We considered several approaches in which the data stream from the script is passed through the server on its way to the client:
None of these approaches appealed to us, because they all imposed extra work on the server (and possibly the client).
We also considered using a separate control connection, as in FTP, via which the server could notify the client of the amount of data it had transmitted on the data connection. This, however, might be hard to implement and doubles the amount of connection overhead, even in cases where it is not needed.
We chose to stick with a simple, hybrid approach in which the server keeps the TCP connection open in those cases where it can use the Content-length or boundary delimiter approaches, and closes the connection in other cases (typically, when invoking scripts). In the common case, this avoids the costs of extra TCP connections; in the less usual case, it may require extra connection overhead but does not add data-touching operations on either server or client, and requires no protocol changes.
We wanted our modified client to transparently interoperate with both standard and modified HTTP servers, and we wanted our modified server to interoperate with both sorts of clients. This means that the modified client has to inform the server that the TCP connection should be retained, and in such a way that an unmodified server can ignore the request. This could be done by introducing a new field in the HTRQ headers (see section 2) sent in the client's request. For example, a future version of the HTTP specification could define a hold-connection pragma.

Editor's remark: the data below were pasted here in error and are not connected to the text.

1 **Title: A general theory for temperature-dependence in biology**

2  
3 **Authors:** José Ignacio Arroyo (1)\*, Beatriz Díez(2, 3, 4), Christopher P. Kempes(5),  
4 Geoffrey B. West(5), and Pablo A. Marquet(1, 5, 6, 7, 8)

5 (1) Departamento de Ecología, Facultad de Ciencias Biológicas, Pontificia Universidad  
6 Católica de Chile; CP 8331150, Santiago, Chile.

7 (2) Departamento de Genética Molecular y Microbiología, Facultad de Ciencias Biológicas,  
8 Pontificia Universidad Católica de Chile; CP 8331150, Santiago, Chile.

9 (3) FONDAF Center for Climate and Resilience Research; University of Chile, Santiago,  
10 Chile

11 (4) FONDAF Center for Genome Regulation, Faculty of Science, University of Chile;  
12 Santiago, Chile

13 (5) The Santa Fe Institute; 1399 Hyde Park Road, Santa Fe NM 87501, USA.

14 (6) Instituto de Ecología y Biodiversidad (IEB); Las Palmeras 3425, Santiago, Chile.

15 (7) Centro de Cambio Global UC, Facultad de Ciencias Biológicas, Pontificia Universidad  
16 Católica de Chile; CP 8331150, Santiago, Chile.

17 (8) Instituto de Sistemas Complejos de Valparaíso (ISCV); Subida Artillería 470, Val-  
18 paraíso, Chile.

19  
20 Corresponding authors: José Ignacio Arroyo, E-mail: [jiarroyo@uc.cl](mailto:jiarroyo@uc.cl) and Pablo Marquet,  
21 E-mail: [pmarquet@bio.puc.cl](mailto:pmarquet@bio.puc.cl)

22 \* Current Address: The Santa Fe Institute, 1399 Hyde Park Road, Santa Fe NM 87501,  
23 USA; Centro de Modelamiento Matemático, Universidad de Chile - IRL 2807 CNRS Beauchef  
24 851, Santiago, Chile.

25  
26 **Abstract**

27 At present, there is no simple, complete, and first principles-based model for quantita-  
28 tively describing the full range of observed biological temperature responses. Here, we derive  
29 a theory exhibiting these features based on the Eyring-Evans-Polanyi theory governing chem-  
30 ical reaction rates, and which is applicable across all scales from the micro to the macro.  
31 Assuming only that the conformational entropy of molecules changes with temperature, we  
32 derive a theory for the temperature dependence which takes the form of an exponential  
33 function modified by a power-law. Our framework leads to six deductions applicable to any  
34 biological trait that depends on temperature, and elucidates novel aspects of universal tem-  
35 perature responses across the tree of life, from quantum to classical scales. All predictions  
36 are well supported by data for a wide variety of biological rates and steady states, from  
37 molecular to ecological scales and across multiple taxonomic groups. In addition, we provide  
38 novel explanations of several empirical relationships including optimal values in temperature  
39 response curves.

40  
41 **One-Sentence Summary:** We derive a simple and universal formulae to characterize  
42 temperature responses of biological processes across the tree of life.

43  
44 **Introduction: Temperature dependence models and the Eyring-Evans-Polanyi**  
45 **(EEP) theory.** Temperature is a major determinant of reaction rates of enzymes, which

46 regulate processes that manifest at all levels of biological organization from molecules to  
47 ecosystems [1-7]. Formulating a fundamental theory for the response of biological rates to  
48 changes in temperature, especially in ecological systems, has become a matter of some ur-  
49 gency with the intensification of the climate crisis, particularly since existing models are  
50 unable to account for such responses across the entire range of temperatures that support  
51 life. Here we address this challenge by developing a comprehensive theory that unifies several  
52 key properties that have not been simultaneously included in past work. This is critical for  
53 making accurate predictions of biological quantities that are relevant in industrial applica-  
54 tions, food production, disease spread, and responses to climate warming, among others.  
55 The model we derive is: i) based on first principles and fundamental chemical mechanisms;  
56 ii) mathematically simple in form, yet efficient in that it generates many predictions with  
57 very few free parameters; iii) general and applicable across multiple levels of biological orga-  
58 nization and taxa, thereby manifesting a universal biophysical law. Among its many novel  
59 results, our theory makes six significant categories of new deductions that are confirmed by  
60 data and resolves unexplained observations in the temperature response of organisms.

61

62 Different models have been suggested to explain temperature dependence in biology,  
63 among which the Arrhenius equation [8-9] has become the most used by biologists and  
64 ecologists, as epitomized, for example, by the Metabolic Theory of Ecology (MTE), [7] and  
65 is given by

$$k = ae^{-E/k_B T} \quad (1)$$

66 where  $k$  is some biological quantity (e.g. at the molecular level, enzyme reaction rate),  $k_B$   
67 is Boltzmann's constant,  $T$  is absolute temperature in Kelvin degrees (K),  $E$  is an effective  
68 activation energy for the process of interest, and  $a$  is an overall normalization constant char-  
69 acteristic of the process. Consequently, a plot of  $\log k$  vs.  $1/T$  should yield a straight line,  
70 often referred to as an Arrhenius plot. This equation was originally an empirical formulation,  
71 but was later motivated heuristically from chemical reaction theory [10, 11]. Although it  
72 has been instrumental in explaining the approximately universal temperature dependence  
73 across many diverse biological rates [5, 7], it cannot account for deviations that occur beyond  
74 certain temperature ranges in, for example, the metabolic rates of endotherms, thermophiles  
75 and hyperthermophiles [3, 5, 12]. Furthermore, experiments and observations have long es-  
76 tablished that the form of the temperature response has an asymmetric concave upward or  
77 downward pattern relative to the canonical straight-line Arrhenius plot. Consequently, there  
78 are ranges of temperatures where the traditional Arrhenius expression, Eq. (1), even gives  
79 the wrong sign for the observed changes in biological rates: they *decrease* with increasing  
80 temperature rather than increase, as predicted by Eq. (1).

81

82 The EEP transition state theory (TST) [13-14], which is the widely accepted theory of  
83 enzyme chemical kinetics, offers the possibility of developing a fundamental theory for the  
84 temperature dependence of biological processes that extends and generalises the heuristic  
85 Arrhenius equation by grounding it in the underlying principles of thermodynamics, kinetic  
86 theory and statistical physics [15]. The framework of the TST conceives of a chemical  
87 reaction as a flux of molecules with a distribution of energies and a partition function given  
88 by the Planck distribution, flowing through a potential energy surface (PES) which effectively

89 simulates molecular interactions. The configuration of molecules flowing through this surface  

For our experiments, we simply encoded this information in a new HTRQ header field; such unrecognized fields must be ignored by unmodified servers.
Even with long-lived TCP connections, simple implementations of the HTTP protocol still require at least one network round trip to retrieve each inlined image. The client interacts with the server in a stop-and-wait fashion, sending a request for an inlined image only after having received the data for the previous one.